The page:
So this morning I was back on that beach.

And here it is, just for you, Poppit Beach at 7.05 when God ruled my world. Not Covid. And not shouty man either.

IMG_1111.JPGFear and intimidation is a trap that holds you back.
But when you place your confidence in the Lord,
you will be seated in the high place. Proverbs 29:25 (TPT) 

 

 

 

 

 

I appreciate you (shush, don’t tell anyone)

 

Today, because lamb joints were  half price after our strange lockdown Easter, I’m roasting some lamb. It’s ages since I cooked a joint of any kind and it felt almost ceremonial as I rubbed the meat with salt, herbs and oil and left it at room temperature to breathe… it felt like a proper old fashioned Sunday and I felt like a proper old-fashioned huss’iff.

My husband would have enjoyed this one-week-late Easter feast but I know he would have said, as I served up the three veg and the roasties and the gravy and the Yorkshire pud, “Oh, not sausage and mash?” He could be really really annoying.  If he hadn’t died naturally, I might have been driven to kill him.

In that strange way that our thoughts wander off-piste, I started thinking about appreciation, how we show it, how encouraging it is, when it can be a bit patronising, when it’s simply flattery and pointless….. and I realised that I am not good at giving encouragement, and many others are just as bad. There are things I do in everyday life that seem to be done in a vacuum, with no response from anyone, so that I never know if they need to be done differently, or ditched completely.  Because there’s no response at all, and I see no results, I don’t know how to improve and grow and it’s easy to lose heart and kick it all in the bin. I have no idea if what I’m doing annoys people, or if these small chores are even needed. Not really. What a waste of time if they’re actually unwelcome or even irritating. I could use the time some other way – take up hang-gliding or bog snorkelling. And then I thought about these blogs;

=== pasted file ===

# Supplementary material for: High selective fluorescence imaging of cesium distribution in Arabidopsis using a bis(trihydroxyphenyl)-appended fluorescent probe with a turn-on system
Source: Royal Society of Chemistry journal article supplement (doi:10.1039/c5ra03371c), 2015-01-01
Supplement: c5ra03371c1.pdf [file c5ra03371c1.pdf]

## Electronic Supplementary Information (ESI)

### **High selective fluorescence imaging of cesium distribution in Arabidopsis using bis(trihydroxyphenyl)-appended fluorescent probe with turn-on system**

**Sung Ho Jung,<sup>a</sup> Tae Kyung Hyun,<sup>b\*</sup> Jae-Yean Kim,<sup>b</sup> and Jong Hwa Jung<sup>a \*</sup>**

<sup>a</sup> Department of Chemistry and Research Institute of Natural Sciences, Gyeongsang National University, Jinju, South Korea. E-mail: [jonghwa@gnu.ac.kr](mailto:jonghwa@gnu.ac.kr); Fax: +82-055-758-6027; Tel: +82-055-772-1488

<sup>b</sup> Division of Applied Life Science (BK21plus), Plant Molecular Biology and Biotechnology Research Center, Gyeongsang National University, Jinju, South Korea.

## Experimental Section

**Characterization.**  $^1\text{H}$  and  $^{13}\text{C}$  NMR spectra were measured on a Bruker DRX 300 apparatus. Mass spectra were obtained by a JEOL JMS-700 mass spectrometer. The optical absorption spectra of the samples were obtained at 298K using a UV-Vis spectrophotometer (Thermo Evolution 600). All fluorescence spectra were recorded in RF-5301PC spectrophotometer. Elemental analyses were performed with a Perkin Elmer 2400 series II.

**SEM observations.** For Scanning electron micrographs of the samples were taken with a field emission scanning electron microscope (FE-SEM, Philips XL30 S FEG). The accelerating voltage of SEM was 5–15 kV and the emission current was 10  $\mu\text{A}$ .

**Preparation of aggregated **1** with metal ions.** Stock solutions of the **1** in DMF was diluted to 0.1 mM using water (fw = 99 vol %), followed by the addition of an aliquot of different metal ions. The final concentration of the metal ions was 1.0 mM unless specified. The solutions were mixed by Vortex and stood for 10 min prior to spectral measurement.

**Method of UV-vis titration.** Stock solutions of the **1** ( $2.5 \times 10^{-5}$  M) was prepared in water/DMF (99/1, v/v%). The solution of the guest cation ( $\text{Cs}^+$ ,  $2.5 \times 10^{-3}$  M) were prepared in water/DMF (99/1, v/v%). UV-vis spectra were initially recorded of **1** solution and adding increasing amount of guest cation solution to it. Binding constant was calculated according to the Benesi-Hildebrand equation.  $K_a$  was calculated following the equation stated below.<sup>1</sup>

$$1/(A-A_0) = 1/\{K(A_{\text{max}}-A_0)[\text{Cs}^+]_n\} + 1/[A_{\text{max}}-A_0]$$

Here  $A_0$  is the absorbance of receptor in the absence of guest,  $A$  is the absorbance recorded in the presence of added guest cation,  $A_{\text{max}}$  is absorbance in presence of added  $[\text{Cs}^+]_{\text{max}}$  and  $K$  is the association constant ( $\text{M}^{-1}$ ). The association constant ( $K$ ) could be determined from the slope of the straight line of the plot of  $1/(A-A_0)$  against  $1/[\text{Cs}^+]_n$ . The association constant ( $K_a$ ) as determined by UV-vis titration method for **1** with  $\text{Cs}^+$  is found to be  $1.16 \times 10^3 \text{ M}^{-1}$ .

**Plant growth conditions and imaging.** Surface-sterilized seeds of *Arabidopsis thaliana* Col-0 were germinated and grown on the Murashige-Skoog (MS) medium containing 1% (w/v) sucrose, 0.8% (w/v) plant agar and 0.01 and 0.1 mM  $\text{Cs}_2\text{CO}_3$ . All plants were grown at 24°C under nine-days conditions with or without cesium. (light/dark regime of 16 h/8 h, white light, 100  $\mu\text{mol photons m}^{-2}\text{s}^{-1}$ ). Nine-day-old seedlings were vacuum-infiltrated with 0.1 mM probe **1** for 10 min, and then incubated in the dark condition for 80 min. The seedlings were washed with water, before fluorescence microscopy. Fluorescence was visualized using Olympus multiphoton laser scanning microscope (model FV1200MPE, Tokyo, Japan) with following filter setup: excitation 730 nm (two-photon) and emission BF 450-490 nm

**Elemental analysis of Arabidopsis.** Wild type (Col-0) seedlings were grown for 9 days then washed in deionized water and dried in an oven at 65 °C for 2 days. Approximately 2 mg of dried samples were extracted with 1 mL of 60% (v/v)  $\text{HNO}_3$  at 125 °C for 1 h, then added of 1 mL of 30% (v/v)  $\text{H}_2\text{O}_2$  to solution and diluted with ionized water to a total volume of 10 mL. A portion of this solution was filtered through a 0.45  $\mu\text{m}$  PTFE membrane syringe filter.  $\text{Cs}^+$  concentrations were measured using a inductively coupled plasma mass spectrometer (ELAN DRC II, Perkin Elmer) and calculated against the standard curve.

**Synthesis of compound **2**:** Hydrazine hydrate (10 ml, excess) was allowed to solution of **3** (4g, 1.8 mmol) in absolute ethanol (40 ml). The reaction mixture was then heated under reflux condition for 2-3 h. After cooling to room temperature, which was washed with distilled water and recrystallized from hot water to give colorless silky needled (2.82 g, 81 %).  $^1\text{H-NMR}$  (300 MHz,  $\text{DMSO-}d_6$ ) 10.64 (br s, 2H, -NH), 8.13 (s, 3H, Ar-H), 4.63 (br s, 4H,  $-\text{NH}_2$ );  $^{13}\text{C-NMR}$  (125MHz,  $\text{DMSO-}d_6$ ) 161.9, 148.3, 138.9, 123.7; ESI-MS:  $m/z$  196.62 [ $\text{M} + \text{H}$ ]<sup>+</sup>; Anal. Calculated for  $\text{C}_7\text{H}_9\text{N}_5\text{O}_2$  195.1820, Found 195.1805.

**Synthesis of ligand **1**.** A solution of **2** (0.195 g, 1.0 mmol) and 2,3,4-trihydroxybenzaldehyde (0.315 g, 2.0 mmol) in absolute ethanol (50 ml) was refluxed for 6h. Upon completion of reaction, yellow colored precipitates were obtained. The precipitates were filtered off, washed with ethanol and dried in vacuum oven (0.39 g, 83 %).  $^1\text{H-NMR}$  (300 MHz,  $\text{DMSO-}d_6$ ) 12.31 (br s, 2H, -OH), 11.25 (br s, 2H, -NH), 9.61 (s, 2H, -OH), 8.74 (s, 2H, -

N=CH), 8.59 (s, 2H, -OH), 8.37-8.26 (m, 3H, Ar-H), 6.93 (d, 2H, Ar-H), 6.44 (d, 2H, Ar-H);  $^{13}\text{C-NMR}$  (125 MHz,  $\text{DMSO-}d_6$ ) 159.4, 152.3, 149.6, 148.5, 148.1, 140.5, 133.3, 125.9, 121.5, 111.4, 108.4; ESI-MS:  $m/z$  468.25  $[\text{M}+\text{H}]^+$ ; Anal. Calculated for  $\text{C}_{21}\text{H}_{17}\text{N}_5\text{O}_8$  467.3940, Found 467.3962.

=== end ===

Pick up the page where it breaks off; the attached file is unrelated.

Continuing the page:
I don’t have millions of readers, and I don’t want millions. I don’t even have hundreds. I don’t ‘do’ media platforms, or advertise my blogs, or even tell people how to find them. I just write them. Those who come, come, and that’s fair enough. Some regulars will respond but it’s always the same four  people (you know if it’s you). Most leave no comment at all, add nothing, criticise nothing, no feed-back, zilch, vanish without a trace. That’s OK, it’s who they are, and I have no argument with them but it means that from time to time I feel self-conscious about prattling on to an empty room. But I love writing and it’s how I marshal my thoughts so I always come back, even when I’m wondering if there’s any point.

At that very minute, right then, as I put the lamb into the oven, with my head full of ‘It’s all completely pointless and I’m going to jack it in’ thoughts, an email pinged in. It was from friends in Holland, a kindly Sunday message,  and in it they said ” Keep writing, Lucy. We read your blog every time it drops into our email box. We are hungry to read it.”

Do you know, that gave me such a lift!  I’m one of those awkward writers who has never ever read reviews, ever. Good or bad, I simply don’t read them. From the very beginning of my writing career I understood that writing isn’t about approval or fame or money. It’s about writing. My stepmother used to ring me up, trying to read my reviews to me and I could never quite get her to understand that I didn’t write for reviewers. One incident that I remember so clearly, was when she rang me up to say that a well known British critic, Peter Paterson,  who really hated my work, had given me a good review. I said I didn’t want to hear it, she insisted.  I said I didn’t want to hear it and she said “But it’s good“.  I said I didn’t want to hear it and she said “But he’s praising you!” and I said… anyway, she spoke over me, in the way that sometimes happens in phone calls and she said “Listen, listen, Peter Paterson says “This is a small step up from Lucy Gannon’s usual lack-lustre offerings.”

Hahahaha. I think maybe she did it on purpose.